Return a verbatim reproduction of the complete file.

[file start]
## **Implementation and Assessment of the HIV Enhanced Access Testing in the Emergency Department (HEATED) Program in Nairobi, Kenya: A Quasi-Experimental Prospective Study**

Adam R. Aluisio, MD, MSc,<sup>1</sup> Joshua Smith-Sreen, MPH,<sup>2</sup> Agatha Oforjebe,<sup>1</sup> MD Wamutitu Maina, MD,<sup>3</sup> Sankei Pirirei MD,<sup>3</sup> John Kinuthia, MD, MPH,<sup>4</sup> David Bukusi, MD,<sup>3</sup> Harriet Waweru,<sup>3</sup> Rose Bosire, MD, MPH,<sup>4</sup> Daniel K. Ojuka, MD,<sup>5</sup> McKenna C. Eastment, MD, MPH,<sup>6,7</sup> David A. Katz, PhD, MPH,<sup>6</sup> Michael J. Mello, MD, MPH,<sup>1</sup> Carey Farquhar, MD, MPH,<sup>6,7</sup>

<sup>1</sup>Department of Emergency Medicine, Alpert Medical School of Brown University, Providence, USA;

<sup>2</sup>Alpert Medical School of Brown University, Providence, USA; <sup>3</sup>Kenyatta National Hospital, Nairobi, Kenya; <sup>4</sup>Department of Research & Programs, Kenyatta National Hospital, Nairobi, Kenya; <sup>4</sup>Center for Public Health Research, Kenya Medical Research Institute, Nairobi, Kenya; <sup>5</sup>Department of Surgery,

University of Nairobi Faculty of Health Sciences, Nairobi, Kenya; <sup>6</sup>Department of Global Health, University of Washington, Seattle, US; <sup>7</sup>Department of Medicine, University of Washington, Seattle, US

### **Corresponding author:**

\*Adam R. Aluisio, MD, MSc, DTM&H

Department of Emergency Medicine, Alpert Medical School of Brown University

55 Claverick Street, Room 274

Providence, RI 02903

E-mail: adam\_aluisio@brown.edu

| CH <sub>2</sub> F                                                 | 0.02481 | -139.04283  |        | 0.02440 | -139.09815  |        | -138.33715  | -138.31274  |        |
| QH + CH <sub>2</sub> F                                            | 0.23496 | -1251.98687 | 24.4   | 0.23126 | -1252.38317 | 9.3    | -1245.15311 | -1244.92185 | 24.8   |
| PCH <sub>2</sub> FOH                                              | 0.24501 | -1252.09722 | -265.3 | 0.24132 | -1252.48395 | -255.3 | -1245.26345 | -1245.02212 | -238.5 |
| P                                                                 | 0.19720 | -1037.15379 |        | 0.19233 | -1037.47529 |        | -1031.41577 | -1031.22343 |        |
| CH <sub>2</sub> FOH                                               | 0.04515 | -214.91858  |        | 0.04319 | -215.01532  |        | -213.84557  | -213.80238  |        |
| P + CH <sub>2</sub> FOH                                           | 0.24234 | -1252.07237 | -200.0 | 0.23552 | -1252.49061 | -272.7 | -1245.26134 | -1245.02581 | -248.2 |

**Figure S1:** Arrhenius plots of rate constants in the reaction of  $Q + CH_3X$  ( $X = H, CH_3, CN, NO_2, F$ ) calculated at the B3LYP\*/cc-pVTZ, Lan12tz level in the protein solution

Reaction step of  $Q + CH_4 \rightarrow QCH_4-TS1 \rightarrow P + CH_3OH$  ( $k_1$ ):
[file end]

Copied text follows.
## **Implementation and Assessment of the HIV Enhanced Access Testing in the Emergency Department (HEATED) Program in Nairobi, Kenya: A Quasi-Experimental Prospective Study**

Adam R. Aluisio, MD, MSc,<sup>1</sup> Joshua Smith-Sreen, MPH,<sup>2</sup> Agatha Oforjebe,<sup>1</sup> MD Wamutitu Maina, MD,<sup>3</sup> Sankei Pirirei MD,<sup>3</sup> John Kinuthia, MD, MPH,<sup>4</sup> David Bukusi, MD,<sup>3</sup> Harriet Waweru,<sup>3</sup> Rose Bosire, MD, MPH,<sup>4</sup> Daniel K. Ojuka, MD,<sup>5</sup> McKenna C. Eastment, MD, MPH,<sup>6,7</sup> David A. Katz, PhD, MPH,<sup>6</sup> Michael J. Mello, MD, MPH,<sup>1</sup> Carey Farquhar, MD, MPH,<sup>6,7</sup>

<sup>1</sup>Department of Emergency Medicine, Alpert Medical School of Brown University, Providence, USA;

<sup>2</sup>Alpert Medical School of Brown University, Providence, USA; <sup>3</sup>Kenyatta National Hospital, Nairobi, Kenya; <sup>4</sup>Department of Research & Programs, Kenyatta National Hospital, Nairobi, Kenya; <sup>4</sup>Center for Public Health Research, Kenya Medical Research Institute, Nairobi, Kenya; <sup>5</sup>Department of Surgery,

University of Nairobi Faculty of Health Sciences, Nairobi, Kenya; <sup>6</sup>Department of Global Health, University of Washington, Seattle, US; <sup>7</sup>Department of Medicine, University of Washington, Seattle, US

### **Corresponding author:**

\*Adam R. Aluisio, MD, MSc, DTM&H

Department of Emergency Medicine, Alpert Medical School of Brown University

55 Claverick Street, Room 274

Providence, RI 02903

E-mail: adam\_aluisio@brown.edu

| CH <sub>2</sub> F                                                 | 0.02481 | -139.04283  |        | 0.02440 | -139.09815  |        | -138.33715  | -138.31274  |        |
| QH + CH <sub>2</sub> F                                            | 0.23496 | -1251.98687 | 24.4   | 0.23126 | -1252.38317 | 9.3    | -1245.15311 | -1244.92185 | 24.8   |
| PCH <sub>2</sub> FOH                                              | 0.24501 | -1252.09722 | -265.3 | 0.24132 | -1252.48395 | -255.3 | -1245.26345 | -1245.02212 | -238.5 |
| P                                                                 | 0.19720 | -1037.15379 |        | 0.19233 | -1037.47529 |        | -1031.41577 | -1031.22343 |        |
| CH <sub>2</sub> FOH                                               | 0.04515 | -214.91858  |        | 0.04319 | -215.01532  |        | -213.84557  | -213.80238  |        |
| P + CH <sub>2</sub> FOH                                           | 0.24234 | -1252.07237 | -200.0 | 0.23552 | -1252.49061 | -272.7 | -1245.26134 | -1245.02581 | -248.2 |

**Figure S1:** Arrhenius plots of rate constants in the reaction of  $Q + CH_3X$  ( $X = H, CH_3, CN, NO_2, F$ ) calculated at the B3LYP\*/cc-pVTZ, Lan12tz level in the protein solution

Reaction step of  $Q + CH_4 \rightarrow QCH_4-TS1 \rightarrow P + CH_3OH$  ( $k_1$ ):